Volume 28, Number 6—June 2022
Recombinant BA.1/BA.2 SARS-CoV-2 Virus in Arriving Travelers, Hong Kong, February 2022
We studied SARS-CoV-2 genomes from travelers arriving in Hong Kong during November 2021–February 2022. In addition to Omicron and Delta variants, we detected a BA.1/BA.2 recombinant with a breakpoint near the 5′ end of the spike gene in 2 epidemiologically linked case-patients. Continued surveillance for SARS-CoV-2 recombinants is needed.
The SARS-CoV-2 Omicron variant (Pango lineage B.1.1.529) emerged in November 2021. Within a few weeks, subvariants BA.1, BA.1.1, and BA.2 were detected in varying proportions on different continents, but BA.1 initially was dominant (1). By March 2022, these 3 subvariants accounted for >95% of sequences submitted to GISAID (https://www.gisaid.org). We previously demonstrated the feasibility of testing incoming travelers for SARS-CoV-2 genomic surveillance (2). We report detecting a BA.1/BA.2 recombinant SARS-CoV-2 subvariant in travelers arriving in Hong Kong, China.
Using our previously described next-generation sequencing method (2), we analyzed 198 (25%) of 793 SARS-CoV-2 reverse transcription PCR (RT-PCR)–positive samples collected from travelers arriving in Hong Kong during November 15, 2021–February 4, 2022 (Appendix Table 1). We randomly selected samples with cycle thresholds <30 and successfully deduced near-full genome sequences from 180 samples (mean coverage 97.6%; depth >100). Deduced genomes predominantly were Delta (n = 58) and Omicron (BA.1 = 66, BA.1.1 = 28, and BA.2 = 26) variants (Appendix Figures 1, 2). Time distribution of these variants agrees with global surveillance data submitted to GISAID, confirming that travel hubs are useful sentinel sites to monitor SARS-CoV-2 circulation (2). Of note, the BA.2 cases we detected predominantly were imported from the Philippines and Nepal, indicating this subvariant might have become established in these countries before detection in Hong Kong.
In our phylogenetic analysis, 2 additional nearly identical sequences formed a distinct branch in the Omicron clade (Appendix Figure 2). We detected these sequences from 2 epidemiologically linked cases, patients 1 and 2, who were work colleagues and traveled together to Hong Kong on February 1, 2022, from Germany via the Netherlands. They tested SARS-CoV-2–positive by RT-PCR at the airport upon arrival (cycle thresholds 27 and 22). Patient 1 reported having a sore throat and cough since January 28, but patient 2 was asymptomatic. Both patients had received 2 doses of Pfizer-BioNTech COVID-19 vaccine (Pfizer Inc., https://www.pfizer.com); patient 1 received the second dose on November 1, 2021, and patient 2 received the second dose on June 22, 2021.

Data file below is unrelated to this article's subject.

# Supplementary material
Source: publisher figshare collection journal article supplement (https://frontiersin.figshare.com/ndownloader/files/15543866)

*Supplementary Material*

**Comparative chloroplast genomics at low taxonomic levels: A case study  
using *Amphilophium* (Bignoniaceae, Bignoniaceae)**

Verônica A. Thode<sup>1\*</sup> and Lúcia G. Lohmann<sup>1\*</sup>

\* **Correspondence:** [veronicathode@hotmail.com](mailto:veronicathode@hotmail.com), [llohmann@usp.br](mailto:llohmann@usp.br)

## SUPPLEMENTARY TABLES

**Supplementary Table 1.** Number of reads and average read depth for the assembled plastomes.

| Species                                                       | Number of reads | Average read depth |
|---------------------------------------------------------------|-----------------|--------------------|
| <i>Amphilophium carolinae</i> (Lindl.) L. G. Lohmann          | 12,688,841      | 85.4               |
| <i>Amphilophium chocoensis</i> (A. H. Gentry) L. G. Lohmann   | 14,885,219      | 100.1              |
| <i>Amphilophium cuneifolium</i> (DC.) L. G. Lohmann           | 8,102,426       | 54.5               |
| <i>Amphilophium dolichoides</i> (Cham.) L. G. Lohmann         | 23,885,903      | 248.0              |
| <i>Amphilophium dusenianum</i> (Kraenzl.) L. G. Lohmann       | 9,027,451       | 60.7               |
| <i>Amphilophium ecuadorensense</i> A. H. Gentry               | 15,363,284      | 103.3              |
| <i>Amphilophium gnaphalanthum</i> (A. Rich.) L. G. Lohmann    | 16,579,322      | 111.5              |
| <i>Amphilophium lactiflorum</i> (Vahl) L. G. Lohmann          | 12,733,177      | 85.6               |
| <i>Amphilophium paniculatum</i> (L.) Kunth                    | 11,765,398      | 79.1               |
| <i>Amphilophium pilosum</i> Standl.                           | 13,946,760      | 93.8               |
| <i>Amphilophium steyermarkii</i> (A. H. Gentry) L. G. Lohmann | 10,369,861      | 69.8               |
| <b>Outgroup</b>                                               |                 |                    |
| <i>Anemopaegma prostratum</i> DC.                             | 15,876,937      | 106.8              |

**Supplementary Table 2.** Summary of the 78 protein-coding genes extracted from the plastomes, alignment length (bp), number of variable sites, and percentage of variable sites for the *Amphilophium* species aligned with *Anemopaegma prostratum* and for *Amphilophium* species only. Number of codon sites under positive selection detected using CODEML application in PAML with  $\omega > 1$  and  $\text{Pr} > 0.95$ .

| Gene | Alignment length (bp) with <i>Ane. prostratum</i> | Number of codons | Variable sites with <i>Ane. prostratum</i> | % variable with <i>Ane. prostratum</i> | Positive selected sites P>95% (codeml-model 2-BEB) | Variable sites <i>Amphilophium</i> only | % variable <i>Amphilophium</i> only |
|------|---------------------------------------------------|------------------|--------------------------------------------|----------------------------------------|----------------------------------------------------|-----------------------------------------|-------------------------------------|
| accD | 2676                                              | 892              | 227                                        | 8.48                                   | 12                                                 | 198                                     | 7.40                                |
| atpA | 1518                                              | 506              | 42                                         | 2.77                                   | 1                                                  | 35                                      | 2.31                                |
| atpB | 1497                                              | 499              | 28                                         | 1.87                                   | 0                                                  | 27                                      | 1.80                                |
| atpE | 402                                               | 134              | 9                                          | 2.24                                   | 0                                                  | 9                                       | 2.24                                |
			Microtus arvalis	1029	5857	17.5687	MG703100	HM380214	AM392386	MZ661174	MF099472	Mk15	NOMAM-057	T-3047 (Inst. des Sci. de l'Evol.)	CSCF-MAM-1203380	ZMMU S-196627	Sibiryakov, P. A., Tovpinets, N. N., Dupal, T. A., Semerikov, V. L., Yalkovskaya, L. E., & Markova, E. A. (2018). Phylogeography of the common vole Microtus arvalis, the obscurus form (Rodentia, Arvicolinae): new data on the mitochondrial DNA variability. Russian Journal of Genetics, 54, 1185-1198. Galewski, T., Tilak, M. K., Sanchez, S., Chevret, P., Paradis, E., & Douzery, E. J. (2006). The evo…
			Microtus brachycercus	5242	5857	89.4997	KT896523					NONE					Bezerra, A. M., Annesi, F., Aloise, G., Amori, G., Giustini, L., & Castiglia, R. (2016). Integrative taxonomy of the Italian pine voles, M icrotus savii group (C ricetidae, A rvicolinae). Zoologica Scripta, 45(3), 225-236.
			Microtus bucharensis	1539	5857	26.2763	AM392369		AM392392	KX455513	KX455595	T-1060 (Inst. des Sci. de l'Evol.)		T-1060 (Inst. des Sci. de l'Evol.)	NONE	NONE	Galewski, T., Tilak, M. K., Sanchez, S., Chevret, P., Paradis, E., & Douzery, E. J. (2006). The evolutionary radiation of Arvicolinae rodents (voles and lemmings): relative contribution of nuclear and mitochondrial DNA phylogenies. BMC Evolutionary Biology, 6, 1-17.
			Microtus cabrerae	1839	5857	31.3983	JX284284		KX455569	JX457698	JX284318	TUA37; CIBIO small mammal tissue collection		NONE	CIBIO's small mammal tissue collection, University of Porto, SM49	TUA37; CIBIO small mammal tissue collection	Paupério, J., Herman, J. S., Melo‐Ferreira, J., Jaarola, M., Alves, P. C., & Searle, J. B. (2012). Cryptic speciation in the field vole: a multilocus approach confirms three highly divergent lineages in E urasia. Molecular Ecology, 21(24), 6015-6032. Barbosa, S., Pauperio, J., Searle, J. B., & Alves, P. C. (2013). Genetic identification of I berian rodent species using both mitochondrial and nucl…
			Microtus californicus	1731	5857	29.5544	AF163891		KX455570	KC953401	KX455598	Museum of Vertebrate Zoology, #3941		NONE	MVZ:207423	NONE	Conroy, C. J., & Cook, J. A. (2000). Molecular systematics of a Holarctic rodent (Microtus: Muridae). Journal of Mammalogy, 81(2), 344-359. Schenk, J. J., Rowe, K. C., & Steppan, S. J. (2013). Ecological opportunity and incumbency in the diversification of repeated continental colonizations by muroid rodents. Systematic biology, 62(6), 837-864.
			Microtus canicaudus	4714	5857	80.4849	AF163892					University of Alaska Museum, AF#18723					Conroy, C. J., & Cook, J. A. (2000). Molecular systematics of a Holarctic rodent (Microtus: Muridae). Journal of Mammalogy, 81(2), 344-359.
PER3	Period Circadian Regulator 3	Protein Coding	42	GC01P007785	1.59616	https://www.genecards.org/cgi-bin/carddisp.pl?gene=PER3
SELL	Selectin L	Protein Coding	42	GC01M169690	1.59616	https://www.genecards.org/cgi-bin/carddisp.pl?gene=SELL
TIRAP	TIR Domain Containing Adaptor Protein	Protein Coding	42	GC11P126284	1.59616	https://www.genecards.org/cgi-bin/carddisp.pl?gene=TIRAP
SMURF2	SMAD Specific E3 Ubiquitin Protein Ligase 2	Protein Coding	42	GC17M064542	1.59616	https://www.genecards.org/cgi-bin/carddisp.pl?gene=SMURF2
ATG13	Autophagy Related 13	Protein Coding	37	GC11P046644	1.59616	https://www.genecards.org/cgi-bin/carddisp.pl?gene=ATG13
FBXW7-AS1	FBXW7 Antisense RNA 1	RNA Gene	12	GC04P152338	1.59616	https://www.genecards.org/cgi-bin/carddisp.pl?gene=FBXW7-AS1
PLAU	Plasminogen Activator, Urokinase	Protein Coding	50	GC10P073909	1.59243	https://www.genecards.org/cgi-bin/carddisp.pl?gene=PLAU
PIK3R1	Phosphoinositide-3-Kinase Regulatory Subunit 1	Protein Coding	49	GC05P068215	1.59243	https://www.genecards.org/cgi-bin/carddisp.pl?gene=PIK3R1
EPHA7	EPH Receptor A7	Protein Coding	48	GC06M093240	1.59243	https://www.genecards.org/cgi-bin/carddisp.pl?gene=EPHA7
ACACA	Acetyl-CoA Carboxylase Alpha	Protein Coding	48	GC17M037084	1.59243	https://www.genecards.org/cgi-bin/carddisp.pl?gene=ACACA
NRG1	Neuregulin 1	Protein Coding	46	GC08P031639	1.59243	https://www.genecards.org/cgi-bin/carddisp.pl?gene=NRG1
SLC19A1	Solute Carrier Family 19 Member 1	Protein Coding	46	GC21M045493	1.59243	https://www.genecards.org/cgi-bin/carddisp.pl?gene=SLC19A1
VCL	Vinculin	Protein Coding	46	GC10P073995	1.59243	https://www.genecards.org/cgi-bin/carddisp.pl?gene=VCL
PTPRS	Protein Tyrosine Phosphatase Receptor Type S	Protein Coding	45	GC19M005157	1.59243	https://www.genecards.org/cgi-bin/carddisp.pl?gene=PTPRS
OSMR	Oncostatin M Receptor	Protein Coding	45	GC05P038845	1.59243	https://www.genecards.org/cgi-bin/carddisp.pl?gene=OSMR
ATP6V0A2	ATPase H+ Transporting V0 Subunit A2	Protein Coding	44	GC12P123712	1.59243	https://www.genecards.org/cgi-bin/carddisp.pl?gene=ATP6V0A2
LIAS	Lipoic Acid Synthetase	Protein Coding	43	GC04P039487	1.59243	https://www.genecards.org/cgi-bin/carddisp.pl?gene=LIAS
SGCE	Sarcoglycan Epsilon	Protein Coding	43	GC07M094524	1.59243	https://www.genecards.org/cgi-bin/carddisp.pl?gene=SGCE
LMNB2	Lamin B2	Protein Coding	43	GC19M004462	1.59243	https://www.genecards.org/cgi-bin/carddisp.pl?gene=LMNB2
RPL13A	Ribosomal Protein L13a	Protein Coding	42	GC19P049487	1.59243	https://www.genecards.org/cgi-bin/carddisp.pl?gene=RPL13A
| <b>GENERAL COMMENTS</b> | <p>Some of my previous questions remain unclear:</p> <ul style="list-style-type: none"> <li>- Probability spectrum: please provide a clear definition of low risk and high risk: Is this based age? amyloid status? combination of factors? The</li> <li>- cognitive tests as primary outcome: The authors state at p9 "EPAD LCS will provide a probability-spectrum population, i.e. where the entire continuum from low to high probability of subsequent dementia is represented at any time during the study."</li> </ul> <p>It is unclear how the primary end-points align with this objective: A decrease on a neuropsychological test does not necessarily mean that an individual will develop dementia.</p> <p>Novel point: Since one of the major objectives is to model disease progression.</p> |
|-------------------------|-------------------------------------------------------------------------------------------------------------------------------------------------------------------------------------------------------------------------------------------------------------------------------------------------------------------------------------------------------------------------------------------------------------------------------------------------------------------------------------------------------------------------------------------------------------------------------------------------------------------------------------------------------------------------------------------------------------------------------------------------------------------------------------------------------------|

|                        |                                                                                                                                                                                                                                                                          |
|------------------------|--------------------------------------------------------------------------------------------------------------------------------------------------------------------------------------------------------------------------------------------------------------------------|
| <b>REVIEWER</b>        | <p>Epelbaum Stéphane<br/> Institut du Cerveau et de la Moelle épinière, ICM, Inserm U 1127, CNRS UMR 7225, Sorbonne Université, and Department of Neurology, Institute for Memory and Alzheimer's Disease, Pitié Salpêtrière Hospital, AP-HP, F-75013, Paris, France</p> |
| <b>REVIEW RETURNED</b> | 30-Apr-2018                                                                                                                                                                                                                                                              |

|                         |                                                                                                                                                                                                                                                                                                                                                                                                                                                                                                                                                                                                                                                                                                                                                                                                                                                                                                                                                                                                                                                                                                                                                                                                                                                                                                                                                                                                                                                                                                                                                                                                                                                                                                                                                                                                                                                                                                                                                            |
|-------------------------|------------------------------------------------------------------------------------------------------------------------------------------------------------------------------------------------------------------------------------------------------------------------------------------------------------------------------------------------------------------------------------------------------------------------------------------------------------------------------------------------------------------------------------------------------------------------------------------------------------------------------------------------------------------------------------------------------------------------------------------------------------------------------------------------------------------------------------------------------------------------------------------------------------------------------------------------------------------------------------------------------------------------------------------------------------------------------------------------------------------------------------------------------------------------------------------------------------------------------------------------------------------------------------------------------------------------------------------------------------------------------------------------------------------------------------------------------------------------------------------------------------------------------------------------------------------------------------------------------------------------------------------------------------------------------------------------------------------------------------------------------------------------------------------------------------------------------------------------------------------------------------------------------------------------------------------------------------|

The distinct topology of viral sequences from these patients suggested that they were infected by a recombinant virus. To test that hypothesis, we used previously reported BA.1- and BA.2-defining single-nucleotide polymorphisms (SNPs) to analyze the genomes (Appendix). We found that the 5′ end sequences (nucleotide region 1–20055) from the 2 cases only contained BA.1-specific SNPs (Figure, panel A). By contrast, the corresponding 3′ end sequences only contained BA.2-specific SNPs. We further conducted a recombination analysis and confirmed that only 1 breakpoint was located within nucleotide positions 20055–21618 (Appendix Figure 3). The nucleotide 5′ end of the sequences is phylogenetically similar to authentic BA.1 and the 3′ end similar to BA.2 sequences at this breakpoint (Figure, panel B). The breakpoint identified in this recombinant virus is near the 5′ end open reading frame of the spike gene. Recombinant viruses, including B.1.1.7/B1.177 and Delta/BA.1, with a breakpoint in this region have been reported (3; P. Colson et al., unpub. data, https://www.medrxiv.org/content/10.1101/2022.03.03.22271812v2; T. Peacock, unpub. data, https://github.com/cov-lineages/pango-designation/issues/441).